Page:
Wood's story and the HRC report show that accepting bisexual people and not doubting their identity can help them live happier and healthier lives. Of course we want everyone to get the acceptance and love they deserve, and that means it's time for us to start recognizing bisexual individuals.

Wood knows the pain of not being accepted for who she is, and she doesn't want anyone else to have to suffer in silence like she did.

So how do we do that? Wood says it's simple: Just listen and accept people for who they are.


In conclusion, take it away, Beyoncé:

Preach, Bey.

Joy

Meet Eva, the hero dog who risked her life saving her owner from a mountain lion

Wilson had been walking down a path with Eva when a mountain lion suddenly appeared.

Photo by Didssph on Unsplash

A sweet face and fierce loyalty: Belgian Malinois defends owner.

The Belgian Malinois is a special breed of dog. It's highly intelligent, extremely athletic and needs a ton of interaction. While these attributes make the Belgian Malinois the perfect dog for police and military work, they can be a bit of a handful as a typical pet.

As Belgian Malinois owner Erin Wilson jokingly told NPR, they’re basically "a German shepherd on steroids or crack or cocaine.”

It was her Malinois Eva’s natural drive, however, that ended up saving Wilson’s life.

According to a news release from the California Department of Fish and Wildlife, Wilson had been walking down a path with Eva slightly ahead of her when a mountain lion suddenly appeared and swiped Wilson across the left shoulder. She quickly yelled Eva’s name and the dog’s instincts kicked in immediately. Eva rushed in to defend her owner.

It wasn’t long, though, before the mountain lion won the upper hand, much to Wilson’s horror.

She told TODAY, “They fought for a couple seconds, and then I heard her start crying. That’s when the cat latched on to her skull.”

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Joy

50-years ago they trade a grilled cheese for a painting. Now it's worth a small fortune.

Irene and Tony Demas regularly traded food at their restaurant in exchange for crafts. It paid off big time.

Photo by Gio Bartlett on Unsplash

Painting traded for grilled cheese worth thousands.

The grilled cheese at Irene and Tony Demas’ restaurant was truly something special. The combination of freshly baked artisan bread and 5-year-old cheddar was enough to make anyone’s mouth water, but no one was nearly as devoted to the item as the restaurant’s regular, John Kinnear.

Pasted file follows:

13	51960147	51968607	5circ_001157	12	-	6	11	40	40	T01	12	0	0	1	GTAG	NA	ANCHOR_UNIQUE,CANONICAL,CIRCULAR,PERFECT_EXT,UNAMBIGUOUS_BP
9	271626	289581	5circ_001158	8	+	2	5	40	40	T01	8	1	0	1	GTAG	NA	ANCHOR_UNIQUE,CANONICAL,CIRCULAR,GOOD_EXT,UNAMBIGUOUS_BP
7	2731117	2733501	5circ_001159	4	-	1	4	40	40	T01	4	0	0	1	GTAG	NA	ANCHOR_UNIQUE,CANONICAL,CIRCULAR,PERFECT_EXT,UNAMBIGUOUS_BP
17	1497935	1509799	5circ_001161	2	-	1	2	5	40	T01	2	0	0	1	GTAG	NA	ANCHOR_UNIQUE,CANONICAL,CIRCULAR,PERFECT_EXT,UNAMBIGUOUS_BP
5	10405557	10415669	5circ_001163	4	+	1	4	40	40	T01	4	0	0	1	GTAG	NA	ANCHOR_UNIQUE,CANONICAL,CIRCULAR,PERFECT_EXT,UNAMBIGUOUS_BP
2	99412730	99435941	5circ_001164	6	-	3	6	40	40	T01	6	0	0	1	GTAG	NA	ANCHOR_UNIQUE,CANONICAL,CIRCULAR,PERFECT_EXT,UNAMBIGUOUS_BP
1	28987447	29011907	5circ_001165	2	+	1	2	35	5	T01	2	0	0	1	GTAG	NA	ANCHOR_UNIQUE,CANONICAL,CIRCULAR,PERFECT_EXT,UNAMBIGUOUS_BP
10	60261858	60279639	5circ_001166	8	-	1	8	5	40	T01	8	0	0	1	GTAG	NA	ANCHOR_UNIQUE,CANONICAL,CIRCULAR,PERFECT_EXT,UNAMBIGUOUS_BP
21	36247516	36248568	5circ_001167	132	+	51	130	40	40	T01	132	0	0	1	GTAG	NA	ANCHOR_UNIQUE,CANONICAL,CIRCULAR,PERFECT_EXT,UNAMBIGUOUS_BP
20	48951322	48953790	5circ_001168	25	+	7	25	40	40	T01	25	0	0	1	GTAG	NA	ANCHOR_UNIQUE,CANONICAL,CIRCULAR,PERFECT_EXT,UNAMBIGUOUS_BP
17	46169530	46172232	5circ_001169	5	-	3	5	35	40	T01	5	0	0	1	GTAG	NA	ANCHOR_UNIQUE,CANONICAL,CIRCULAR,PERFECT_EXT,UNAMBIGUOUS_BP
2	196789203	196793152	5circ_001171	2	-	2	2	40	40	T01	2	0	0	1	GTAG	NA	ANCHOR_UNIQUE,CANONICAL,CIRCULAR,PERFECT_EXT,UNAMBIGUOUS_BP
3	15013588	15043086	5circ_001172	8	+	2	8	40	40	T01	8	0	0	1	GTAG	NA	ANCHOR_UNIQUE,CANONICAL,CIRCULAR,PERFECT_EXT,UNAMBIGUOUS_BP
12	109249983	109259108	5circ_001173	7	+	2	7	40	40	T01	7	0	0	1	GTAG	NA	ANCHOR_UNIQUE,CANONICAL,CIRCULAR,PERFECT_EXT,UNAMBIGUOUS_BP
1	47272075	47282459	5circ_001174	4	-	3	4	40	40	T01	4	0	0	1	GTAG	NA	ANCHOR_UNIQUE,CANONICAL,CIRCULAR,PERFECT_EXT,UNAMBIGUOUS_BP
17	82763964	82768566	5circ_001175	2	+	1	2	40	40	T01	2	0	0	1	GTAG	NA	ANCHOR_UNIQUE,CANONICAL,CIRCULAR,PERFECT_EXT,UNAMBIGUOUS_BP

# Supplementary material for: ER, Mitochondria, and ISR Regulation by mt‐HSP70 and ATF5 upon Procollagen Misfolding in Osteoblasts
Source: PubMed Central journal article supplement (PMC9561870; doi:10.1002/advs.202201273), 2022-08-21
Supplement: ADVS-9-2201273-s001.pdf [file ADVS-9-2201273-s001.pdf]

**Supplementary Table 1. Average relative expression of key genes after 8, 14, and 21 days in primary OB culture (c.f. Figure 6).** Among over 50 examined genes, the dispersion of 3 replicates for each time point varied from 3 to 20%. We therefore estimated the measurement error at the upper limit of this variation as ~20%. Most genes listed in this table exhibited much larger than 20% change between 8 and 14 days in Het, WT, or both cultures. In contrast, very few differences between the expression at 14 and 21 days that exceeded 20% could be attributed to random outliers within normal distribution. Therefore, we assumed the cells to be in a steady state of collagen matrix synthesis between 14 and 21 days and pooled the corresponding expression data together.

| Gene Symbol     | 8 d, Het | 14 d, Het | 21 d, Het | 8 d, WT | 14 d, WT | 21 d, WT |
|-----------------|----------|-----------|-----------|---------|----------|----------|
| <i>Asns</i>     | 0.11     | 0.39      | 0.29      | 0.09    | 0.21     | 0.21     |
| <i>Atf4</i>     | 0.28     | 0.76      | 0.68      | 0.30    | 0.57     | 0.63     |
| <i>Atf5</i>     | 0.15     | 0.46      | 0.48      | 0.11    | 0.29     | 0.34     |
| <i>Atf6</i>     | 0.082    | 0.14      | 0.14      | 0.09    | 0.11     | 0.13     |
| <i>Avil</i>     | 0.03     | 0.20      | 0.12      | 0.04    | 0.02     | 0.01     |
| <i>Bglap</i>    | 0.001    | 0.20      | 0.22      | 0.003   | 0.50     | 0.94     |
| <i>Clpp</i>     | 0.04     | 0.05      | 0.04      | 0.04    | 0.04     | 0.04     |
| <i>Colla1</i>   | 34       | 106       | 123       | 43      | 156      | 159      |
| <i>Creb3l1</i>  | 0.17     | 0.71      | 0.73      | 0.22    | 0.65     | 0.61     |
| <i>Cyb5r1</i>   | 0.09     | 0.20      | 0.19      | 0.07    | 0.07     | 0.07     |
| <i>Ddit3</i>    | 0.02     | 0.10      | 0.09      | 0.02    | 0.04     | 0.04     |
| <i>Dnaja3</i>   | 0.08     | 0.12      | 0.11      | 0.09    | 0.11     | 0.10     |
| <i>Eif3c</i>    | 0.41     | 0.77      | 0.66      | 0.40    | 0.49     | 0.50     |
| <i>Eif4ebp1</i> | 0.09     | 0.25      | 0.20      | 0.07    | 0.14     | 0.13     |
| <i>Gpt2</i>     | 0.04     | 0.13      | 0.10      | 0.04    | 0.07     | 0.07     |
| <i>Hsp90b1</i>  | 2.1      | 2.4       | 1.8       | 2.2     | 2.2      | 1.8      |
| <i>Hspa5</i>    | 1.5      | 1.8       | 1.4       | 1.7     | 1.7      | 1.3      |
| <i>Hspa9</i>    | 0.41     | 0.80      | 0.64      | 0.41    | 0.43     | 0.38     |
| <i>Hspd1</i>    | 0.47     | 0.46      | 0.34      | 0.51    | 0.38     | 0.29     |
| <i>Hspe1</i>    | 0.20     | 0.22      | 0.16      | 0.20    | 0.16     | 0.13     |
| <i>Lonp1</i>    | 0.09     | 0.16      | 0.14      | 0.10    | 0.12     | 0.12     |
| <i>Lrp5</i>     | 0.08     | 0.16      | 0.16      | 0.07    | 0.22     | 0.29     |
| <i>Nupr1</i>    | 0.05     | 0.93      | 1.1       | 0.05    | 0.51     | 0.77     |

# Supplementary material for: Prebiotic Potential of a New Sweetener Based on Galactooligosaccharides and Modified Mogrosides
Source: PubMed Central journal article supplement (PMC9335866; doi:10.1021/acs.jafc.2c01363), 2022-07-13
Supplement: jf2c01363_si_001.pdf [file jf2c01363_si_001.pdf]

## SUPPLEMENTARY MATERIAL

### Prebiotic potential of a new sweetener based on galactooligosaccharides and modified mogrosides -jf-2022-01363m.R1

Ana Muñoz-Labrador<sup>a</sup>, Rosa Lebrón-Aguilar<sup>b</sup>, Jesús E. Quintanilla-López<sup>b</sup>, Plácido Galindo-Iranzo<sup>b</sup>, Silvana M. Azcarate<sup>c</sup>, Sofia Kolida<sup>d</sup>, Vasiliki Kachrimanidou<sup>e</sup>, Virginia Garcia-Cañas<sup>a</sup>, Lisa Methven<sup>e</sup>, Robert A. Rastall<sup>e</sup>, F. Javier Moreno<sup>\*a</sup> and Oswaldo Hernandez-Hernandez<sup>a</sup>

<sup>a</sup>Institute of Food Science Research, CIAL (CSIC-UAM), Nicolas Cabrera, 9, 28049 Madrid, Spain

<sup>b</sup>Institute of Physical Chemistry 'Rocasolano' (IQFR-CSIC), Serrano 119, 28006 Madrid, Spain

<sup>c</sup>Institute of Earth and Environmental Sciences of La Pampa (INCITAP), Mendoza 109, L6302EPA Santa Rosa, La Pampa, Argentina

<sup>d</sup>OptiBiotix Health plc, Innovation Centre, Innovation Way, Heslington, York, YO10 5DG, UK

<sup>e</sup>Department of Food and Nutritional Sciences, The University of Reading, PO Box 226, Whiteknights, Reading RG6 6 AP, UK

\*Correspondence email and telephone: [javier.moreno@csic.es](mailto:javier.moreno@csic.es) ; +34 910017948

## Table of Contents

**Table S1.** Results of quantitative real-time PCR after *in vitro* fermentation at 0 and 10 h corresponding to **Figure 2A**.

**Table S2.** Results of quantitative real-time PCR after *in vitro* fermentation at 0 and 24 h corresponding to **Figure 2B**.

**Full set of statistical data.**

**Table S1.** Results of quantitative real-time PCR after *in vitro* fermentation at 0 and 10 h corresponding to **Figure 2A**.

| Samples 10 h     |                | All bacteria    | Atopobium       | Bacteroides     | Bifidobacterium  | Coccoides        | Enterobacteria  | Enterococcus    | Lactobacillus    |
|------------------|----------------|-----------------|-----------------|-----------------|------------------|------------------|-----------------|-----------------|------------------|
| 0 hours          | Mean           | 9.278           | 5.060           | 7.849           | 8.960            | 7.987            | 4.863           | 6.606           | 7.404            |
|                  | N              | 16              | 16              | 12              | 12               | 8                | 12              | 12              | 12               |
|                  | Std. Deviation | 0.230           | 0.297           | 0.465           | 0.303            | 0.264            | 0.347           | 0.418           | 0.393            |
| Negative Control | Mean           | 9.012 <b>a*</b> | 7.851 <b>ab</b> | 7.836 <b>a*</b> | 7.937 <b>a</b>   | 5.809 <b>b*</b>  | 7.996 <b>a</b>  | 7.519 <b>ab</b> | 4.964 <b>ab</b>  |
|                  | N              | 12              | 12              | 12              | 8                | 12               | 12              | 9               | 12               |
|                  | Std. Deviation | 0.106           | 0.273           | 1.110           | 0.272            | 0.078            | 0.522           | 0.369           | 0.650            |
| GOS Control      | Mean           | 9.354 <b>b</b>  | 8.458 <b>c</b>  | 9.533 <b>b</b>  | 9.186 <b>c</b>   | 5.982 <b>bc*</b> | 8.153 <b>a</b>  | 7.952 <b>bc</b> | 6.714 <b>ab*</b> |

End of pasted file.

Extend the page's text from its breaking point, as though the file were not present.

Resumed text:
Kinnear loved the London, Ontario restaurant's grilled cheese so much that he ordered it every single day, though he wouldn’t always pay for it in cash. The Demases were well known for bartering their food in exchange for odds and ends from local craftspeople and merchants.

“Everyone supported everyone back then,” Irene told the Guardian, saying that the couple would often trade free soup and a sandwich for fresh flowers. Two different kinds of nourishment, you might say.

And so, in the 1970s the Demases made a deal with Kinnear that he could pay them for his grilled cheese sandwiches with artwork. Being a painter himself and part of an art community, Kinnear would never run out of that currency.

Little did Kinnear—or anyone—know, eventually he would give the Demases a painting worth an entire lifetime's supply of grilled cheeses. And then some.

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Sandy Hook school shooting survivors are growing up and telling us what they've experienced.

This story originally appeared on 12.15.21


Imagine being 6 years old, sitting in your classroom in an idyllic small town, when you start hearing gunshots. Your teacher tries to sound calm, but you hear the fear in her voice as she tells you to go hide in your cubby. She says, "be quiet as a mouse," but the sobs of your classmates ring in your ears. In four minutes, you hear more than 150 gunshots.

You're in the first grade. You wholeheartedly believe in Santa Claus and magic. You're excited about losing your front teeth. Your parents still prescreen PG-rated films so they can prepare you for things that might be scary in them.

And yet here you are, living through a horror few can fathom.